|Publication number||US4208587 A|
|Application number||US 05/719,209|
|Publication date||Jun 17, 1980|
|Filing date||Aug 31, 1976|
|Priority date||Aug 31, 1976|
|Publication number||05719209, 719209, US 4208587 A, US 4208587A, US-A-4208587, US4208587 A, US4208587A|
|Inventors||Bernard J. Eastlund, Charles H. Wood, Robert W. Couch, Michael G. Ury|
|Original Assignee||Fusion Systems Corp.|
|Export Citation||BiBTeX, EndNote, RefMan|
|Patent Citations (3), Referenced by (30), Classifications (10), Legal Events (1)|
|External Links: USPTO, USPTO Assignment, Espacenet|
The present invention is directed to a method and apparatus for curing three dimensional objects with ultraviolet radiation and specifically is directed to a method and apparatus for uniformly curing the objects without rotating them.
In recent years, the graphic arts and packaging industries have turned to a process referred to as ultraviolet curing to solve the twin problems of strict emission control standards and the energy shortage in the drying of inks and coatings. Curing is produced by a polymerization reaction initiated by ultraviolet light--changing a component of the ink or coating from a liquid to solid state almost instantaneously. Since these inks and coatings do not contain solvents, they give essentially pollution-free printing.
As will be elucidated below, to provide for maximum intensity radiation, lamps for ultraviolet curing are typically highly focussed units with the substrate to be cured being placed in the focal plane. While this arrangement works well in the curing of flat or planar surfaces, curing of cylindrical objects such as collapsible metal tubes and rigid plastic containers and two-piece (i.e., seamless drawn and wall-ironed) beverage and beer cans requires more complicated mechanical systems in which the objects are rotated to attain a cure over the entire cylindrical surface.
The requirement of rotating cylindrical objects such as cans has presented several problems which the present invention obviates. The rotation can be accomplished through the use of mandrel pins, brush pins, eggbeater pins, or suction cups. In any event, equipment for rotating the cans is expensive and does not always provide trouble-free operation. The cans sometimes become unstable and fall off the pins or brushes which are used to rotate them. All of these problems of reliability, can stability, and wear become more serious at the higher production line speeds which are continuously sought by industrial users. Further, conventional two-piece can lines do not provide the necessary equipment for rotating the cans, so when it is desired to convert a conventional two-piece can line to a UV curing mode, it is necessary to substantially modify the can-handling portion of the line after the decorator to provide for the required rotation. This involves additional expense and complication which the solution of the present invention avoids.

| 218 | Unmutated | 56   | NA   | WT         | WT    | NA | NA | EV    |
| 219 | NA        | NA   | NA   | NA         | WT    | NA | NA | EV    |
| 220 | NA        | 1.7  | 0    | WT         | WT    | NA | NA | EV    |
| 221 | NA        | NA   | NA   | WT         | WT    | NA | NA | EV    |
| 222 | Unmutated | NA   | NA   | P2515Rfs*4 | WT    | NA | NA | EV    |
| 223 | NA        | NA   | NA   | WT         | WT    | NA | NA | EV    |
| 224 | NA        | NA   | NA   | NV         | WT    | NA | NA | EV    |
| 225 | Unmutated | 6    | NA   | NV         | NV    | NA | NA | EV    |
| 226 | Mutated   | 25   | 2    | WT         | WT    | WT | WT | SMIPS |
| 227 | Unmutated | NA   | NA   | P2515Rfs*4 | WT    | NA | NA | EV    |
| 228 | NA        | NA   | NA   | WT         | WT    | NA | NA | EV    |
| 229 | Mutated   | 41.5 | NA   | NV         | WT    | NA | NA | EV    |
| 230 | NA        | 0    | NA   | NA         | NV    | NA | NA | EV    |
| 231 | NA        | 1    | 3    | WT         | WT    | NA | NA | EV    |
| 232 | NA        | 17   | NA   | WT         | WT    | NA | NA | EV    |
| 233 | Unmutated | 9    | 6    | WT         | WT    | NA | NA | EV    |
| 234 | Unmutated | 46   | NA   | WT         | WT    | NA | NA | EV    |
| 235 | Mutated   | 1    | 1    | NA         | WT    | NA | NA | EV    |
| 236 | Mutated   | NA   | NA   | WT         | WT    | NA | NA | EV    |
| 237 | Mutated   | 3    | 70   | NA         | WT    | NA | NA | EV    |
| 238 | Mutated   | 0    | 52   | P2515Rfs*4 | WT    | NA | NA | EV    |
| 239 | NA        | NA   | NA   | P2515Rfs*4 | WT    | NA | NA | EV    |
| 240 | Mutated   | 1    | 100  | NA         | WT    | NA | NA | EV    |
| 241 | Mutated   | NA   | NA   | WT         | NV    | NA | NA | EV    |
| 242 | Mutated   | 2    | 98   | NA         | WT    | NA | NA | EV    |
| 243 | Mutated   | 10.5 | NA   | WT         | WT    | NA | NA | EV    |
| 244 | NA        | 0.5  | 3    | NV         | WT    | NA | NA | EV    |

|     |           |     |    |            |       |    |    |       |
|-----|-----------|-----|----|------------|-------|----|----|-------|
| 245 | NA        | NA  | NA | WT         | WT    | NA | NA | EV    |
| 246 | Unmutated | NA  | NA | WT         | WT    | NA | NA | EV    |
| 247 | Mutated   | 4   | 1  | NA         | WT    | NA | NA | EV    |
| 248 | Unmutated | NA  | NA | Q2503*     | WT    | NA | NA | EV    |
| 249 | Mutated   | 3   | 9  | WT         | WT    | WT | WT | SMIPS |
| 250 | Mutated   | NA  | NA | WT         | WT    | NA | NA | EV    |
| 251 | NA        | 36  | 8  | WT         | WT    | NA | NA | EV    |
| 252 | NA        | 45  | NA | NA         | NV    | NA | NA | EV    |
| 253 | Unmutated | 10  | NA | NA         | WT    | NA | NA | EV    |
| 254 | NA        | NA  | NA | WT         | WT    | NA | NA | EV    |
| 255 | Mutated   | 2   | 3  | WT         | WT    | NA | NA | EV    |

It is therefore an object of the present invention to provide a method and apparatus for curing three dimensional objects with ultraviolet radiation without rotating the objects.
It is a further object of the invention to provide a method and apparatus for curing two-piece cans and other cylindrical objects with ultraviolet radiation without rotating the cans.
It is still a further object of the invention to provide a method and apparatus which provides a uniform cure in both the axial and azimuthal directions of the cans at conventional two-piece line speeds, and which uses relatively few lamp units.
The invention will be better understood by referring to the accompanying drawings, in which:
FIG. 1 illustrates a semi-elliptical reflector with a lamp bulb at the upper focus and the substrate to be cured at the lower focus.
FIG. 2 shows a two-piece can having the letter A printed thereon.
FIG. 3 is a plan view of the prior art UV curing apparatus in which the cans are rotated.
FIG. 4 shows the helical cure pattern obtained with the prior art arrangement of FIG. 3.
FIG. 5 is a top plan view of an embodiment of the invention.
FIG. 6 is a side view of the embodiment of FIG. 5.
FIG. 7 is an end view of the embodiment of FIG. 5, additionally showing an illustrative mounting means for the lamp units.
FIG. 8 is a diagrammatic illustration of the geometric aspects of the prior art curing technique.
FIG. 9 is a diagrammatic illustration of the geometric aspects of the curing technique of the invention.
FIG. 10 is a ray diagram of the embodiment of FIG. 5 looking end-wise at a lamp unit.
FIG. 11 is a ray diagram of the embodiment of FIG. 5 looking side-wise at a lamp unit.
FIG. 12 is an illustration of a further embodiment of the invention.
Referring to FIG. 1, a typical light source used for ultraviolet curing consists of a reflector and a bulb. The reflector is used to focus the light from the bulb to a high intensity on the ink or coating to be polymerized. This is done because the cure rates of many inks and coatings depend on the peak intensity of ultraviolet light and most such materials exhibit an intensity threshold below which effective curing does not take place. Typically, the reflector is a half-ellipse in cross-section with the bulb lying along the locus of the foci of the cross-section. The substrate on which the UV-curable inks or coatings have been applied passes through the other foci of the ellipses. This arrangement, which is shown in cross-section in FIG. 1, insures that the rays of light from the bulb which are reflected from the half-ellipse, are directed toward a region close to the other foci. This produces a relatively narrow (typically 1/2" wide) strip of high intensity light the length of the bulb on the substrate.